Getting anchors and reinforcing right is extremely important
Getting anchors and reinforcing right is extremely important
June 24, 2015 7:00 AM CDT

Choosing the right anchor for the job

Connectors, anchors and fasteners

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We use anchoring and reinforcement on every project, whether restoration or new construction. The types of anchors generally are based on what veneer we are anchoring, the weight of the veneer, the condition of the substrate and challenges that are present in installing the anchors. Our choices for anchoring may vary, but when we can select the product with which we are most familiar, our choices usually are limited to a just a few common anchors – those we find easy to work with. In writing this article, I spoke with several industry leaders. Everyone I spoke to had a different “anchor of choice.” Following is a brief look at some of the anchors that work; what we may not have considered as an option; what may be new; and a few that should no longer be used.

Years ago, before the cavity wall, multi-wythe walls were successfully constructed with between two to 11 courses of brick (11 is the most I have ever seen). Even though many of them still stand, using a header brick as a wythe tie isn’t recommended. This is due to thermal movement that occurs within the wall. The movement between the wythes of brick can cause some of the header brick to snap, resulting in a wythe-to-wythe tie that has different characteristics from when it was constructed.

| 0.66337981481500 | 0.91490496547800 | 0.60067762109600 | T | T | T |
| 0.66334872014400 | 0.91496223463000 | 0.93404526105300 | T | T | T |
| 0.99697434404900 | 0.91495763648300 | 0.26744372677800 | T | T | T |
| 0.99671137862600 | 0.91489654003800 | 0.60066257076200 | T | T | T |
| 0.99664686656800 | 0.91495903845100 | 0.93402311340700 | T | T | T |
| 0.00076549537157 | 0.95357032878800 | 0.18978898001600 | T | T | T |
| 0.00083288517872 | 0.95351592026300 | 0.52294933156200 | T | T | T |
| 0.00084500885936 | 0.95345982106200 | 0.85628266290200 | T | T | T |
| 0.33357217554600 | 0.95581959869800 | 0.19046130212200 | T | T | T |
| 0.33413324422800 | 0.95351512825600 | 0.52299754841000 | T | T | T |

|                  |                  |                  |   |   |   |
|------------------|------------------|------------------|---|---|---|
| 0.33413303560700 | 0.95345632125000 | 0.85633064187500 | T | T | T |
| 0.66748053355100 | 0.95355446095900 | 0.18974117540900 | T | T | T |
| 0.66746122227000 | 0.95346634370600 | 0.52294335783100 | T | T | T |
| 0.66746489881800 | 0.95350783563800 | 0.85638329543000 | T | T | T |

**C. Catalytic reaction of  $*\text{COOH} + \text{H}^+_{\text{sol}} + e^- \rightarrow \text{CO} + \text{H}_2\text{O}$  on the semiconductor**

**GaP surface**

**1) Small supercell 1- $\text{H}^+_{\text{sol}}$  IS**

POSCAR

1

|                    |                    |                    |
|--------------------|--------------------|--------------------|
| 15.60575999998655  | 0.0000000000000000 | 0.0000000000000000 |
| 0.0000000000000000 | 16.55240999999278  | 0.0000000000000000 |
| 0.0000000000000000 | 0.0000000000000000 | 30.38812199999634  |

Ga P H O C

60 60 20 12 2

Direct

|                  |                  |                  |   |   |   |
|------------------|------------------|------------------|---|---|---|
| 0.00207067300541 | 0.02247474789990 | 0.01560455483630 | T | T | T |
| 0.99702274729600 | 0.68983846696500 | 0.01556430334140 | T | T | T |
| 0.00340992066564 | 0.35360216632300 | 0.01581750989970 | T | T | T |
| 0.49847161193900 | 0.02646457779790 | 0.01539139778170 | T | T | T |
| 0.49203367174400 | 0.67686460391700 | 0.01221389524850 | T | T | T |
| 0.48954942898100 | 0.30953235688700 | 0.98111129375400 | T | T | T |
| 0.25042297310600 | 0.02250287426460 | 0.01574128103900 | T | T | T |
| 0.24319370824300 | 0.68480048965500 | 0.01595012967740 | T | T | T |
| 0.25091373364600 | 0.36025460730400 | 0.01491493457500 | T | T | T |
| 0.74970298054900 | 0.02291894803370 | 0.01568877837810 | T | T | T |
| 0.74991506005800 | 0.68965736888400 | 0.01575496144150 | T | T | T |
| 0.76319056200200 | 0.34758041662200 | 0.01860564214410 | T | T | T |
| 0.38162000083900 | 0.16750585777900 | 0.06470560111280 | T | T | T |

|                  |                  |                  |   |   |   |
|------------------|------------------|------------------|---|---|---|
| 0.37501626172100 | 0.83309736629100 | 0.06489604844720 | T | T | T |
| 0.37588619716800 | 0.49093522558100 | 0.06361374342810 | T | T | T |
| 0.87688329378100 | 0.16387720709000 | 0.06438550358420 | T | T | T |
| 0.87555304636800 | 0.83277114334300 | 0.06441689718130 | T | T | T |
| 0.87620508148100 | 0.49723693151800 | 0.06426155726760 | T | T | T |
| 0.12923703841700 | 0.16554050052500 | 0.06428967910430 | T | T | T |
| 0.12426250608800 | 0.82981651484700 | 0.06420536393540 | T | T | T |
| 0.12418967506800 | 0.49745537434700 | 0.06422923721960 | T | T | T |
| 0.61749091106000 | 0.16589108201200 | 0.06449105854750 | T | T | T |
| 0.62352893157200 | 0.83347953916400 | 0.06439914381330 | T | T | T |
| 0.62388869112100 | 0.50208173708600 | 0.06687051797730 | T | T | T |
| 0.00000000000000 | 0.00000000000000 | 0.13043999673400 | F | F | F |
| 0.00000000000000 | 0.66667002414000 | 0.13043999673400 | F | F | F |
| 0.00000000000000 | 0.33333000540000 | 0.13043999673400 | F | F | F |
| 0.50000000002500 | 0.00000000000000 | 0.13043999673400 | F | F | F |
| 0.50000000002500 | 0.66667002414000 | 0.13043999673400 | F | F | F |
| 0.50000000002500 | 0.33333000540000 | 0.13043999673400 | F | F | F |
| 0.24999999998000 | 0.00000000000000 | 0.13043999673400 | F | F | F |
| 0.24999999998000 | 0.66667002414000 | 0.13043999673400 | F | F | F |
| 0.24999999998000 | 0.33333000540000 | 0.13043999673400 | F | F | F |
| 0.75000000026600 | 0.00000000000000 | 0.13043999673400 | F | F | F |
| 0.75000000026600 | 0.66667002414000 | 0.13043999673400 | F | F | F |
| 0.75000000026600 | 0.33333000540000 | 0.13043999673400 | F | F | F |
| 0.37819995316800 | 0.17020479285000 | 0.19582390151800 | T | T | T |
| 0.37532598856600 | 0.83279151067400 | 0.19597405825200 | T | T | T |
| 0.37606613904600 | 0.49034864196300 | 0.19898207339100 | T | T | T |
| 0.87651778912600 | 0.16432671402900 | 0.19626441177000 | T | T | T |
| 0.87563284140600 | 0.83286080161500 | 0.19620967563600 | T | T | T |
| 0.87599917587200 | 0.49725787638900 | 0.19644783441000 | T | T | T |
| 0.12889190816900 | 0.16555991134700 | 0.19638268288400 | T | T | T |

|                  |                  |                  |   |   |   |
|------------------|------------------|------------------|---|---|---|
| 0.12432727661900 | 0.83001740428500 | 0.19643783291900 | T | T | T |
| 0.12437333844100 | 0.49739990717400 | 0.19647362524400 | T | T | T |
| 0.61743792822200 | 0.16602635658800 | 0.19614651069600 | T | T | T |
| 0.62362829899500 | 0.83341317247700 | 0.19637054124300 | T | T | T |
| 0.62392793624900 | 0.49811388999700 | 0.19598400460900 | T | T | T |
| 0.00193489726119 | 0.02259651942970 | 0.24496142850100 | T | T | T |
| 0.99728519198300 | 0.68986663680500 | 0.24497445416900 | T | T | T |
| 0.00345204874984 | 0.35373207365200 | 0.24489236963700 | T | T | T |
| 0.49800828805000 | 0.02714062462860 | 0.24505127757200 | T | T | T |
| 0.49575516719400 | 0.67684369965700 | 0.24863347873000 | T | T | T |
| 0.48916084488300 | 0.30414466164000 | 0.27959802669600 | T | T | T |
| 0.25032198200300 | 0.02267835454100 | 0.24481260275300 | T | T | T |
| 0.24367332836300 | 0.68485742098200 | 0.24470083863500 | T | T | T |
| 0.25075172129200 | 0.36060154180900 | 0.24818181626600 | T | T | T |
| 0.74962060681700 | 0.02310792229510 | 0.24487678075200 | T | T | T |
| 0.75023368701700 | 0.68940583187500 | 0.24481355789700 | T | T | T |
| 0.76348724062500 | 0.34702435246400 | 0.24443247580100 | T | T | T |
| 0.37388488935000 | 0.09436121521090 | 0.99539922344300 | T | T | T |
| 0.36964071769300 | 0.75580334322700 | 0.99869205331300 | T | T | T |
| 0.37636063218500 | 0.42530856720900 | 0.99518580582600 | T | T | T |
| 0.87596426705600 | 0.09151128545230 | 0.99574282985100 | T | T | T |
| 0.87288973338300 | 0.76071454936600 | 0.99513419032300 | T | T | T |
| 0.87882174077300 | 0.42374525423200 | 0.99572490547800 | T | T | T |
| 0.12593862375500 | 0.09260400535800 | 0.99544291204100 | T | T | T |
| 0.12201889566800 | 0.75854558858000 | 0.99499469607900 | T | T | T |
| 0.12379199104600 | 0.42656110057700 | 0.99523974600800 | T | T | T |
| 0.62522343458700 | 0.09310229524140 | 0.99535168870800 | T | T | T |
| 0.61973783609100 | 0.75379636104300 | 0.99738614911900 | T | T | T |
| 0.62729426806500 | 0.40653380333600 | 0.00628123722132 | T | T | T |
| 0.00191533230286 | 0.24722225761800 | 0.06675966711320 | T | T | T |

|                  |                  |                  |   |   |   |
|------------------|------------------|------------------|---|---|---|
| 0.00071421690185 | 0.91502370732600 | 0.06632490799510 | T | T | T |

Though this is common among older walls, this characteristic demonstrates the importance of selecting the correct wall anchoring and reinforcing for your project. What we have learned from repairing this type of wall has assisted in the development of different types of masonry reinforcing and anchoring.

Wall reinforcing wire has two basic configurations when embedded within a concrete masonry unit (CMU) wall, truss and ladder wire, which have become the standard. Wall wire typically is comprised of a three-wire system. The outer wires are usually larger than the interior wires.

Ladder wire generally is used with vertically reinforced walls. Truss wire normally is not used with walls that are vertically reinforced and grouted, unless specifically specified. Reinforcing wire has several commercial types available. In locations where moisture is an extreme constant, such as a natatorium, stainless steel wall wire is available.

In exterior walls, hot-dipped galvanized or fusion-bonded epoxy is available. Standard mil-galvanized wall wire is available for interior walls. The use of wall wire with the hook-and-eye pintles allows the contractor who is constructing both the inner and outer masonry wythes to reinforce and anchor them in a simple set of steps.

The hook-and-eye design allows for proper veneer anchoring, whether or not the bed joints of each wythe align in the same plane. The hook-and-eye allows for differential movement between the different wythes of materials, such as the shrinkage of CMU and the expansive characteristics of brick. This ability to self-adjust stabilizes the cavity wall system for a safe installation, while controlling lateral forces on the veneer. This is an economical use of wall wire, and it hooks to properly support the wall and veneer to provide quality reinforcement for standard construction.

Anchoring precast